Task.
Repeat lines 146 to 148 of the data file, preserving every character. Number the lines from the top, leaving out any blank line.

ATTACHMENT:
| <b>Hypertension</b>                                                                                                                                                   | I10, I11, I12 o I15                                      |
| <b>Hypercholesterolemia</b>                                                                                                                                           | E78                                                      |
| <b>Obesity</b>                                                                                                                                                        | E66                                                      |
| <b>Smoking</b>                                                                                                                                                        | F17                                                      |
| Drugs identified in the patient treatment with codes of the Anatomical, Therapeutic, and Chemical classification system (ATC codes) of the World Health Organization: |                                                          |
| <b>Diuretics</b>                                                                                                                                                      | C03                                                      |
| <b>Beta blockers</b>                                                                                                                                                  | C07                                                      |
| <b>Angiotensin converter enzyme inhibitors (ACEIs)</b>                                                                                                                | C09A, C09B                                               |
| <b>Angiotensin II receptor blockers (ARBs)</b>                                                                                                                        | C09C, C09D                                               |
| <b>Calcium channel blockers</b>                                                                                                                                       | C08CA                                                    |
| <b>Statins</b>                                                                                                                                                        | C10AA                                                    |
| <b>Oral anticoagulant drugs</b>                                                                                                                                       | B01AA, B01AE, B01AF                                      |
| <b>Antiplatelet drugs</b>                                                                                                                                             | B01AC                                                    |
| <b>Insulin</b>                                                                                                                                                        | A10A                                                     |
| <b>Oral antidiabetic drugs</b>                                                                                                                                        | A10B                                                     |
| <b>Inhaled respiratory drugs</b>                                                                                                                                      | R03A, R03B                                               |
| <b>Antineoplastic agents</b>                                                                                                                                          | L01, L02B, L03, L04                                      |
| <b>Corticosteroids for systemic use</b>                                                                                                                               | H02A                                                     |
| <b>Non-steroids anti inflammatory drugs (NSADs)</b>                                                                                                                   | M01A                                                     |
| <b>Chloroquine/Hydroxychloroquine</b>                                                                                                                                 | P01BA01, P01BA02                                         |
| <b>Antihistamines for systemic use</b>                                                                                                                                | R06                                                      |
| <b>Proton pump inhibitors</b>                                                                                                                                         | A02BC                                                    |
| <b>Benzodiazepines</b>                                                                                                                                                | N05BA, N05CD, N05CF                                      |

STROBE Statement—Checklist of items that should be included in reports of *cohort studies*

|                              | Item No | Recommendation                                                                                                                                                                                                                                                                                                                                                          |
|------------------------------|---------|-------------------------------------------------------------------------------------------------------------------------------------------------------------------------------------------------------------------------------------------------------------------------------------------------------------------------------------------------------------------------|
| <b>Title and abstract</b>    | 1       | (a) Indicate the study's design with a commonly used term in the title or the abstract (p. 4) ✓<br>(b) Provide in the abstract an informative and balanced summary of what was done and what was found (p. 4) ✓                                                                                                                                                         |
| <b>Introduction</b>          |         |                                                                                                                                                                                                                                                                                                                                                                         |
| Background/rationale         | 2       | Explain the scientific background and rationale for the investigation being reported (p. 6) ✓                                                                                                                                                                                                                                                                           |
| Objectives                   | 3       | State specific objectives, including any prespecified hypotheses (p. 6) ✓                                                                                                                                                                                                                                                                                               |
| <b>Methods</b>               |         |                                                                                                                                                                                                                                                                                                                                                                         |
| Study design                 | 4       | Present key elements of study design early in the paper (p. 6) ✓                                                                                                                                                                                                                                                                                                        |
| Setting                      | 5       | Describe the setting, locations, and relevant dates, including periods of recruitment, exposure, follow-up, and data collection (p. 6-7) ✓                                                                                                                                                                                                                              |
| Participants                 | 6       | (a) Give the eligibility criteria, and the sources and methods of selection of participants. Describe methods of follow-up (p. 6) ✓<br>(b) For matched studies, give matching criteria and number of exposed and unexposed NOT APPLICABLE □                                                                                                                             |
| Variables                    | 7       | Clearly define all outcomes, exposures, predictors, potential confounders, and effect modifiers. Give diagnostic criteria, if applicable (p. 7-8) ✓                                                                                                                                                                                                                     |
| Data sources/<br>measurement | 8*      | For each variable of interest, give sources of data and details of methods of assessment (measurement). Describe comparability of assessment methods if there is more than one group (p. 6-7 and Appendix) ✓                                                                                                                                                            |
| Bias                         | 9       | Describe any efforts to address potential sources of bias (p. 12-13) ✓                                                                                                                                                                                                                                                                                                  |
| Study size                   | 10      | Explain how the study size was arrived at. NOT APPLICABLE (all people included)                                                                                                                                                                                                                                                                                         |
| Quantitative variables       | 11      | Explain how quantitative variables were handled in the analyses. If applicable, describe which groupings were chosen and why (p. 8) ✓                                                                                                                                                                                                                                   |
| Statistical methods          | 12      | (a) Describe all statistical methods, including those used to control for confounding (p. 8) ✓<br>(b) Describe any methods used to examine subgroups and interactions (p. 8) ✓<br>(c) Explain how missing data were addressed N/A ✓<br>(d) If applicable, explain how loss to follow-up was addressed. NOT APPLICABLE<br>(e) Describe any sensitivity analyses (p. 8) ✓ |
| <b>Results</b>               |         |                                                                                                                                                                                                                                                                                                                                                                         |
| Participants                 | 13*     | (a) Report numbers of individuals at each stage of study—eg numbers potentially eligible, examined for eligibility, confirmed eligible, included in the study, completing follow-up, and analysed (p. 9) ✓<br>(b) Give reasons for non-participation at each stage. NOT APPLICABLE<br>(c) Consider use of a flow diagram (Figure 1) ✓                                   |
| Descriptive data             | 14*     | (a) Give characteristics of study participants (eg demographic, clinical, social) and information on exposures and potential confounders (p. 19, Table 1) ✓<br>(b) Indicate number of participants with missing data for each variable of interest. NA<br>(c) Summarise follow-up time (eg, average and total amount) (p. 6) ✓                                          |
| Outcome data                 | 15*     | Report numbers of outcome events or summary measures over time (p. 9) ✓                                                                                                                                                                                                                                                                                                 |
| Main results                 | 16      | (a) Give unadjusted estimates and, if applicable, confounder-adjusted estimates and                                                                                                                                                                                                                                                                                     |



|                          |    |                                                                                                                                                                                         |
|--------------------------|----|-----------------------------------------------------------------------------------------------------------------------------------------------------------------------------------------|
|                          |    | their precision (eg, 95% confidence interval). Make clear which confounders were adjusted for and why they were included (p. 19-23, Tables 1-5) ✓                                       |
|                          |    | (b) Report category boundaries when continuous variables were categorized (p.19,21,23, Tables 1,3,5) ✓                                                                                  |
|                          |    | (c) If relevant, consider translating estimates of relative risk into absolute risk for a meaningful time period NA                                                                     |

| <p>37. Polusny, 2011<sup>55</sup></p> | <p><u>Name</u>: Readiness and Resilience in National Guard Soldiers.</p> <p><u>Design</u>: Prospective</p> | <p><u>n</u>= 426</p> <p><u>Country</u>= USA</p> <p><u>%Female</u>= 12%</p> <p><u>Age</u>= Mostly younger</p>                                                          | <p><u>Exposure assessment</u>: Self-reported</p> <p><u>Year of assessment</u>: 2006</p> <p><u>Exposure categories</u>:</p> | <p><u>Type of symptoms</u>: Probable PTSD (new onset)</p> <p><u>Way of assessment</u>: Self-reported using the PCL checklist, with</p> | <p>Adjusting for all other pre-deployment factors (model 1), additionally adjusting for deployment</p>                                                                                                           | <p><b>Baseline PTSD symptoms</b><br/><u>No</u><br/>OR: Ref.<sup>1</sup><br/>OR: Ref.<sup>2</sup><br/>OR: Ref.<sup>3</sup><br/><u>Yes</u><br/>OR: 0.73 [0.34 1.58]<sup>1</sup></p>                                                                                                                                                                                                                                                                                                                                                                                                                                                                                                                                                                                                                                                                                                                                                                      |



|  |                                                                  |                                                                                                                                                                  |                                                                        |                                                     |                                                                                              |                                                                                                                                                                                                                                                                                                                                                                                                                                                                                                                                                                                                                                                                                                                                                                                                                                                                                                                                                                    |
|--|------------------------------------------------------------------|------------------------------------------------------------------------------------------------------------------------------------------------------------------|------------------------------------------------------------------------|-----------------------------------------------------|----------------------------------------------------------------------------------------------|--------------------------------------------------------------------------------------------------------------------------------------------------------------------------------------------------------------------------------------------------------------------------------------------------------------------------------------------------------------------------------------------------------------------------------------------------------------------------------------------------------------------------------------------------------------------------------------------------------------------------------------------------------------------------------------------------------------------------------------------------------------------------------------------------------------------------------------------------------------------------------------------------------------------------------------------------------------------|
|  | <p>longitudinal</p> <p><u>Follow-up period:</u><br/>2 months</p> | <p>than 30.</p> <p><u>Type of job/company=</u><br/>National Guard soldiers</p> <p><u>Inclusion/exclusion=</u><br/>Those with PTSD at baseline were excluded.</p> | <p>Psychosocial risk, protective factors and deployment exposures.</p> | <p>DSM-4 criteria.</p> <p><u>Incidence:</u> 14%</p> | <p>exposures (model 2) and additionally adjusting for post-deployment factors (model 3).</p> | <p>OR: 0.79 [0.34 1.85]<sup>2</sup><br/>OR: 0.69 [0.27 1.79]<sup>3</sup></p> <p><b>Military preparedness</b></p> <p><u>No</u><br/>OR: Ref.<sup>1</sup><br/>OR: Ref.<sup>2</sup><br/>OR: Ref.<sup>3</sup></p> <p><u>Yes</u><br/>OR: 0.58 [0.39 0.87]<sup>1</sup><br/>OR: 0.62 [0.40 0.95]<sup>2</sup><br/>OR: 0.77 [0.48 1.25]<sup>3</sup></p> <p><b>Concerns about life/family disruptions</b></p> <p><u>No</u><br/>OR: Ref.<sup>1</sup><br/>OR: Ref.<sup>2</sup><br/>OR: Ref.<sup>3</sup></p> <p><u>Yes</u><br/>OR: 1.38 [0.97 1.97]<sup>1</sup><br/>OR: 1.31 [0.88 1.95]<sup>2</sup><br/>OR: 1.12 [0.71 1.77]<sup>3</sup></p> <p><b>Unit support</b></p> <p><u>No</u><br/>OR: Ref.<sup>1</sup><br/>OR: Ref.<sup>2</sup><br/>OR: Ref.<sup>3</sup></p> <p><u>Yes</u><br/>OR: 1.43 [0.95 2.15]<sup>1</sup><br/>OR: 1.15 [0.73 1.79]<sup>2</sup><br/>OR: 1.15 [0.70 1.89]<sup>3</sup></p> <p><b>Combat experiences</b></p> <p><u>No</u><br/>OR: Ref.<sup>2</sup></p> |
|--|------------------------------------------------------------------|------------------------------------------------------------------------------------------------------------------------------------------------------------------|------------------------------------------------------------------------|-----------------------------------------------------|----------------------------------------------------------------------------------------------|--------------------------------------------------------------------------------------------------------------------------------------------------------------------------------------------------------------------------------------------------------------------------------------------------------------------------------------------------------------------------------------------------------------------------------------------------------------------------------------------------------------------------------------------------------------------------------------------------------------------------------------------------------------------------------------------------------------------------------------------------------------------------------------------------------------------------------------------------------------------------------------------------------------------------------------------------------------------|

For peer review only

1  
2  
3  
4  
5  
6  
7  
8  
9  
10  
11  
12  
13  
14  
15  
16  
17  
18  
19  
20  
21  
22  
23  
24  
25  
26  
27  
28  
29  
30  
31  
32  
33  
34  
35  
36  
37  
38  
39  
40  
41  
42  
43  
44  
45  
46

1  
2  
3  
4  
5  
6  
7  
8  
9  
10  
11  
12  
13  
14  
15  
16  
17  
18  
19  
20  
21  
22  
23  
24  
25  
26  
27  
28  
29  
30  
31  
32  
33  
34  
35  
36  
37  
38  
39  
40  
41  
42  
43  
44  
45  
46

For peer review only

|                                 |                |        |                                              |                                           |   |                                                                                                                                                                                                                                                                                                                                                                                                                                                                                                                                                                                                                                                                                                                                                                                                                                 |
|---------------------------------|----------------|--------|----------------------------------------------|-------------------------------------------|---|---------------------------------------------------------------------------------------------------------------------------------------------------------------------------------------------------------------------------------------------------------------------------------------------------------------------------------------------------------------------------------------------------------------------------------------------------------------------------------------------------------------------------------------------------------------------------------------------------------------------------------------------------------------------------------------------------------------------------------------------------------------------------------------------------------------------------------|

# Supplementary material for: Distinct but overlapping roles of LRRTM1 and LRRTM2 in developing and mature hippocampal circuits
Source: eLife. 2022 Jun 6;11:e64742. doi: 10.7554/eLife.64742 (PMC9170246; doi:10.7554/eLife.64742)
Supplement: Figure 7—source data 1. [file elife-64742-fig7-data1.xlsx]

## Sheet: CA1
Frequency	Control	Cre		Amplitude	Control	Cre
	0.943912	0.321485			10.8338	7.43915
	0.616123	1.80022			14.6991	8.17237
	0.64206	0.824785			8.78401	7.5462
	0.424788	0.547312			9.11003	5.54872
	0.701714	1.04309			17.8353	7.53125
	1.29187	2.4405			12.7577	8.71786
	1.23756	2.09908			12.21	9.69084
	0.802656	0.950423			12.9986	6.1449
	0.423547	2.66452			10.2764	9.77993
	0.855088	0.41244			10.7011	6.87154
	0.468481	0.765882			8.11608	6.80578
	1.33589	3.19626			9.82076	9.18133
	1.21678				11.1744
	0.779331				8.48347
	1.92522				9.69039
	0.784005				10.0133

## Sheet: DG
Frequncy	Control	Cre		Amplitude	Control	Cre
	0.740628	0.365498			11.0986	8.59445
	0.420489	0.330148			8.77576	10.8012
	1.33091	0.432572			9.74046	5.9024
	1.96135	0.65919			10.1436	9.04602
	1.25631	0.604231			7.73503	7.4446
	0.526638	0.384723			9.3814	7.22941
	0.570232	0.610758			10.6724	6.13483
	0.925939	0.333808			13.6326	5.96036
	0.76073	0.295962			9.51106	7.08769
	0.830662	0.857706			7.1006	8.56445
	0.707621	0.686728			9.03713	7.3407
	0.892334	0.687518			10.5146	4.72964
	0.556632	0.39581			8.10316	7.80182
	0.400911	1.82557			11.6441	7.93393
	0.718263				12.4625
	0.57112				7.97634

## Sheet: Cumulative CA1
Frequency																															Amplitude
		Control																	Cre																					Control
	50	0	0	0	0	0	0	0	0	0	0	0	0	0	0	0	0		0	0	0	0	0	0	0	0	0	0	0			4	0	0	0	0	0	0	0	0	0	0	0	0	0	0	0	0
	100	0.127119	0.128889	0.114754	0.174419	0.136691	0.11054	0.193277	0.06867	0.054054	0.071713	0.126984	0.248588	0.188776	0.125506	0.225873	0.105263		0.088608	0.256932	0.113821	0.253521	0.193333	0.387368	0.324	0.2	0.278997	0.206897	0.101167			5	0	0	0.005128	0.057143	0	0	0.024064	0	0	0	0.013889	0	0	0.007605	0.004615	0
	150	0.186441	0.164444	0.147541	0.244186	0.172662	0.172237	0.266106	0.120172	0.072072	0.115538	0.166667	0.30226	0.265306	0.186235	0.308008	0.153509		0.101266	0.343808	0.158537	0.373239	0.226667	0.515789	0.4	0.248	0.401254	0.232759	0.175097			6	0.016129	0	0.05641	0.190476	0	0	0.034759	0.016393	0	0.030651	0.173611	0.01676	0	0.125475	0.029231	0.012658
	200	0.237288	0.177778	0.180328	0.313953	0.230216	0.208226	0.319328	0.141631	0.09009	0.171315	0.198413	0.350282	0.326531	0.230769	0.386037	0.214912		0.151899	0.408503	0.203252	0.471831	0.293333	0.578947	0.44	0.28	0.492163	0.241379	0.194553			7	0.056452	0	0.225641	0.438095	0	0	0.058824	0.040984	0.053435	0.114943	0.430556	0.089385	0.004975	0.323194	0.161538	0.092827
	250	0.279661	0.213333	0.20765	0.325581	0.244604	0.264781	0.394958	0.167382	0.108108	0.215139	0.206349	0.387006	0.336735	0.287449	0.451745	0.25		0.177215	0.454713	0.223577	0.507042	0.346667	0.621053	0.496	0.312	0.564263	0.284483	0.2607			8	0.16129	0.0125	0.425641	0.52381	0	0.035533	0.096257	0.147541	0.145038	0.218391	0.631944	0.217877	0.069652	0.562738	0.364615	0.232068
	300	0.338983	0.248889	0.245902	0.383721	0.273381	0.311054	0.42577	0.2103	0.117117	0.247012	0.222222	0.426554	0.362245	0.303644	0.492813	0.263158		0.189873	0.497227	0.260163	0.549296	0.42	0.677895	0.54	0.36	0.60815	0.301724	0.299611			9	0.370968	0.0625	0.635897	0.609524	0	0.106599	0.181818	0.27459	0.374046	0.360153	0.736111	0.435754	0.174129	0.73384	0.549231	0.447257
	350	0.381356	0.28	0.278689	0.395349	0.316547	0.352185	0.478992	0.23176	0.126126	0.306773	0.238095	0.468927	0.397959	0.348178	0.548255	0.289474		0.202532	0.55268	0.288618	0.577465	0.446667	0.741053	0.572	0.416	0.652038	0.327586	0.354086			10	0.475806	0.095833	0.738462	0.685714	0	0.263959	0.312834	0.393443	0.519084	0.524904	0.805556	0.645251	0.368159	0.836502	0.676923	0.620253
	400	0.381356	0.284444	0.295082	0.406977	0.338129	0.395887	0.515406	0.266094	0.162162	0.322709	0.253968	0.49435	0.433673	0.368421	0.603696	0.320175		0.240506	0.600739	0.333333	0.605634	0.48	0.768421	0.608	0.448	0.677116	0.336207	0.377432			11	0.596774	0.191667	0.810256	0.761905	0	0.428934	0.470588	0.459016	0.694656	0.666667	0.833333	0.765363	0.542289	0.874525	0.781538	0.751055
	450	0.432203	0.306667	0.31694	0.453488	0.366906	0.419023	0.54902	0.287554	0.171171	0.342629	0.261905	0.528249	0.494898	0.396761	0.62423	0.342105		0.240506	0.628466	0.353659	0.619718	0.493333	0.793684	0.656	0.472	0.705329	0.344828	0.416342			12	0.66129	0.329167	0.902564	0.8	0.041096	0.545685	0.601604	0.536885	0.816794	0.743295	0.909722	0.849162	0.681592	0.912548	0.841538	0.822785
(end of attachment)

44  
45  
46